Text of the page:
Wade Ellis, Jr.
Like his father Wade Ellis Sr., Wade Ellis Jr. is an accomplished mathematician with primary interest in teaching and has been a mathematics instructor at West Valley Community College in Saratoga, California for 20 years. Wade is currently Second Vice President of the Mathematical Association of America. He is a past president of the California Mathematics Council, Community College and has served as a member of the Mathematical Sciences Education Board, and the National Research Council Committee on Science Education. He is the coauthor of numerous books on the use of computers in teaching and learning mathematics. Among his many honors are the AMATYC Mathematics Excellence Award, the Outstanding Civilian Service Medal of the United States Army, the Hayward Award for Excellence in Education from the California Academic Senate, and the Distinguished Service Award from the California Mathematics Council, Community College.
web page url: http://instruct.westvalley.edu/ellis/
He has published several books concerning mathematics and computer science. Here are some:
1. Wade Ellis and Ed Lodi, Mathematica, a Tutorial Introduction.
2. Wade Ellis, Eugene Johnson, Ed Lodi, and Dan Schwalbe, Maple V Flight Manual, Brooks/Cole, 1992.
He also produced:Mathematics and computation: proliferation and fragmentation. A lecture presented at the Seventy-fifth Anniversary Celebration of the Founding of the MAA in Columbus, Ohio, August 1990. AMS-MAA Joint Lecture Series.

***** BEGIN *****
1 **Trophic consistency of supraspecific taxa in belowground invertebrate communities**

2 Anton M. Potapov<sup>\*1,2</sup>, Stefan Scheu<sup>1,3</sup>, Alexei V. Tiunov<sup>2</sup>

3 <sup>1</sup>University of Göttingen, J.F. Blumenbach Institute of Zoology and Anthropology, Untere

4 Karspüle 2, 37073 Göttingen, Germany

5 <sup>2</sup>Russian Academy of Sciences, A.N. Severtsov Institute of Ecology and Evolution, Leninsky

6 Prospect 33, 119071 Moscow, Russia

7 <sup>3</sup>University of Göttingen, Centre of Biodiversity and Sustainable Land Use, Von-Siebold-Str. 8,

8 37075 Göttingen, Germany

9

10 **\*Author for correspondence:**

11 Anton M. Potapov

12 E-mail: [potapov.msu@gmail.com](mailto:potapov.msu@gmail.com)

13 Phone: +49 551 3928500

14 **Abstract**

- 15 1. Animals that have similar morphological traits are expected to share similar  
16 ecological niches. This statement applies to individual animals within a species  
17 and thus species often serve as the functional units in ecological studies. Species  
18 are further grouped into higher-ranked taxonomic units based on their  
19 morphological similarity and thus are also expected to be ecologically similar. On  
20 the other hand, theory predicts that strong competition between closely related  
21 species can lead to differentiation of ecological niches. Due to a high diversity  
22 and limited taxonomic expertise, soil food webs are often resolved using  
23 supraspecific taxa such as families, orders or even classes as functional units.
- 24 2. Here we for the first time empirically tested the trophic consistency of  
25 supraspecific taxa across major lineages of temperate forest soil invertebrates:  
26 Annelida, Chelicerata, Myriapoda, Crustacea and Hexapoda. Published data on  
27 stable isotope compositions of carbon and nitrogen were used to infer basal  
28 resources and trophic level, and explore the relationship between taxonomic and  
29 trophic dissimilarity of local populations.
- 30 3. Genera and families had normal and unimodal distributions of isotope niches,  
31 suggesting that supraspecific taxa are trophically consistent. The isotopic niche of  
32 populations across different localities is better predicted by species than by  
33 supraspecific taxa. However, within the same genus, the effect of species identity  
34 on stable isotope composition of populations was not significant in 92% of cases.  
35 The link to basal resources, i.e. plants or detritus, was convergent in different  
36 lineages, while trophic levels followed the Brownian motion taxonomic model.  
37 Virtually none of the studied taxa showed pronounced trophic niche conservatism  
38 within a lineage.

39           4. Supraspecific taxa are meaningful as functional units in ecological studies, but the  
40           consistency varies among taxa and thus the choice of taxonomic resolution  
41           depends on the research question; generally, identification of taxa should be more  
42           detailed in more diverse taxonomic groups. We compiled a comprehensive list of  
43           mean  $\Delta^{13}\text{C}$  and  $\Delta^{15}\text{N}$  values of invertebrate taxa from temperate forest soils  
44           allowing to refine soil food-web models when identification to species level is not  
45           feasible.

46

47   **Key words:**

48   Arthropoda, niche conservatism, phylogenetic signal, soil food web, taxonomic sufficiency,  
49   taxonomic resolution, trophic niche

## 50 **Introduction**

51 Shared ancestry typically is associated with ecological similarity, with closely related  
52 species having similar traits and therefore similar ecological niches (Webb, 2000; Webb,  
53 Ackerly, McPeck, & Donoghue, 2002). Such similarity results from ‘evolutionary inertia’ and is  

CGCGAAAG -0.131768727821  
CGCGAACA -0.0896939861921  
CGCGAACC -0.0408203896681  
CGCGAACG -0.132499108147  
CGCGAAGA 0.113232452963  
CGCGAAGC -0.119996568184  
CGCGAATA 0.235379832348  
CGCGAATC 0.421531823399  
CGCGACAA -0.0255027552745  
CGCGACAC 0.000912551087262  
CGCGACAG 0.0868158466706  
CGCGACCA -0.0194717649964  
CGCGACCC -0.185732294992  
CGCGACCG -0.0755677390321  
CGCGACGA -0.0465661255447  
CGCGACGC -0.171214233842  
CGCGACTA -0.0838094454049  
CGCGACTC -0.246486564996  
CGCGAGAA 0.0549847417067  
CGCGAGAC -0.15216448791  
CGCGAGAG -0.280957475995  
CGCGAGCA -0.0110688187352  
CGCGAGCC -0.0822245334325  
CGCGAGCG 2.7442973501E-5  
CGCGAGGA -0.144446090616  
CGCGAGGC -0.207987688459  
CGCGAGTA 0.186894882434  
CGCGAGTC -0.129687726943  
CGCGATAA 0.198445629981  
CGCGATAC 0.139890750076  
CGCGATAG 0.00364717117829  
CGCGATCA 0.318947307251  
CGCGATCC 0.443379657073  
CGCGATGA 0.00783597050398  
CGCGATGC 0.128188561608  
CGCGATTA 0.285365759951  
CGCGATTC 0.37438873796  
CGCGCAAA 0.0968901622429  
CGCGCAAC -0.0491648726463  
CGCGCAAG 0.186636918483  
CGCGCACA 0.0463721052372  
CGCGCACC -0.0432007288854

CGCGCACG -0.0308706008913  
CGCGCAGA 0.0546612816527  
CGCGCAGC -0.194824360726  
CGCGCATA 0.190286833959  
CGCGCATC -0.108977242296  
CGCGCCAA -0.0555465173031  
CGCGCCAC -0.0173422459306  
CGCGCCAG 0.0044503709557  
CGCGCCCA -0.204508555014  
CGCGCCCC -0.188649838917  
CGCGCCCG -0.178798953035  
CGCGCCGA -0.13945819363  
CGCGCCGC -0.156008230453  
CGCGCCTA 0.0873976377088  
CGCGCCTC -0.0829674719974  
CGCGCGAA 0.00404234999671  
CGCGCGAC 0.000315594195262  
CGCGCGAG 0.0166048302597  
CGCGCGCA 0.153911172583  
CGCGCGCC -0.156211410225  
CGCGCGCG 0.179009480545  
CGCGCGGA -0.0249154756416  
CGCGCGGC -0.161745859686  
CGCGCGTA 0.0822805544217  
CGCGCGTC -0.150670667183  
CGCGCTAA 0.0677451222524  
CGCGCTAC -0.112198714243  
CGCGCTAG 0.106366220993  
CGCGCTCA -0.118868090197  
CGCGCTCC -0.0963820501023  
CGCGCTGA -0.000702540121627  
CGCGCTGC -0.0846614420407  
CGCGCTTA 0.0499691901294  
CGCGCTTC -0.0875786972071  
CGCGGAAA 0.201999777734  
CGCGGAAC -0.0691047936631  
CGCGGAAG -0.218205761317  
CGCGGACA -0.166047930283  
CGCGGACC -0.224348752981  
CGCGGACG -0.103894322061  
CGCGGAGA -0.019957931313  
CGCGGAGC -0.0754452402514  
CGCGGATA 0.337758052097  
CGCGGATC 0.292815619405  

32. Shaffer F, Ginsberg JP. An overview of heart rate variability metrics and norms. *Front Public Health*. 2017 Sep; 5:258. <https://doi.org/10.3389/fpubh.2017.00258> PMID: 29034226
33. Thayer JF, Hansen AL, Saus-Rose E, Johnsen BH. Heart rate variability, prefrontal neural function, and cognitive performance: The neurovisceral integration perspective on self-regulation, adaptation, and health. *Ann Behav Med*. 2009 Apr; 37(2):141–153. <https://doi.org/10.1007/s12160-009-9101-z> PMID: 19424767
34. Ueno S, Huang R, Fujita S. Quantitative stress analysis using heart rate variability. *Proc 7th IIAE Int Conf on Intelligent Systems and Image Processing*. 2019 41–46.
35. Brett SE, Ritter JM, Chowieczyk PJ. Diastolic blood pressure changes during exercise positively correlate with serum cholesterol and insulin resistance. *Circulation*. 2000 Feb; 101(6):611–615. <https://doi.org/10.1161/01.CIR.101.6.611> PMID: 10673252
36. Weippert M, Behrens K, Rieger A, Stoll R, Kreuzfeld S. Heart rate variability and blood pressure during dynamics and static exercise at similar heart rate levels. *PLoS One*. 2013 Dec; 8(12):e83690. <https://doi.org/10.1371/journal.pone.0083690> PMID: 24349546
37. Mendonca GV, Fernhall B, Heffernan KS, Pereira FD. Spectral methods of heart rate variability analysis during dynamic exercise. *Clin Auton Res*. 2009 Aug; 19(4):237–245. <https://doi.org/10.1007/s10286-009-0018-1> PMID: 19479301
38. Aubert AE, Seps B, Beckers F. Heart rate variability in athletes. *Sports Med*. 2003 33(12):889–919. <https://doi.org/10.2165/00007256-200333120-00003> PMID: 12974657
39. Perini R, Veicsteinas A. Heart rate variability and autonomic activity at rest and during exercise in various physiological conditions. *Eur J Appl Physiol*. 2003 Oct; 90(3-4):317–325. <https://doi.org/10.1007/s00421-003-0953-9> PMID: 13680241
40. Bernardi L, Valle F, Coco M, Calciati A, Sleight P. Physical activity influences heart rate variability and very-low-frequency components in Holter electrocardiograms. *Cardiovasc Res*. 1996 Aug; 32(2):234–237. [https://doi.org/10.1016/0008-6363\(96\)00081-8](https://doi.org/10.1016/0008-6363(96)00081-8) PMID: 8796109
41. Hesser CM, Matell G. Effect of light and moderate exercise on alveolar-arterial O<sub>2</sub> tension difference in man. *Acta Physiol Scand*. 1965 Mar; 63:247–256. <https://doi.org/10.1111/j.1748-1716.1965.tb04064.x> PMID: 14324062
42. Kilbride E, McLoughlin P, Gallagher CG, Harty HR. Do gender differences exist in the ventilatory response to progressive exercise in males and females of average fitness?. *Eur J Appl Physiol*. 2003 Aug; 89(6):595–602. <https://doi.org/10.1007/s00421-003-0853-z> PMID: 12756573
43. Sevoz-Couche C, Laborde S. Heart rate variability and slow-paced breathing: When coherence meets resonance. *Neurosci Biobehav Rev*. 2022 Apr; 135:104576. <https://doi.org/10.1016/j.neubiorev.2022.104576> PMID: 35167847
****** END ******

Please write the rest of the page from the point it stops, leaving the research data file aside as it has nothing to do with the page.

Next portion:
Mathematical Association of America, Washington, DC, 1991. 1 videocassette (NTSC; 1/2 inch; VHS) (45 min.); sd., col. $36.95.
Publisher's description: "Digital computers have helped to solve the four-color problem, and we are beginning to make inroads on the weather prediction problem. Many optimization problems are solved every day using old and new linear programming techniques. We are justly proud of these many successes and have cause to celebrate them.
"These triumphs, however, present challenges to the future well-being of mathematics. Computer science, statistics, decision science, and operations research are examples of areas where mathematicians have been extremely successful in applying their knowledge to difficult and interesting problems. Often these mathematical specialities split off to become separate departments. This fragmentation of academic mathematics presents challenges and opportunties which we ignore at our own peril."
In preparing this page, we had the help of Robert Fikes, Jr., Librarian San Diego State University, and the help of Judith Scales-Trent.
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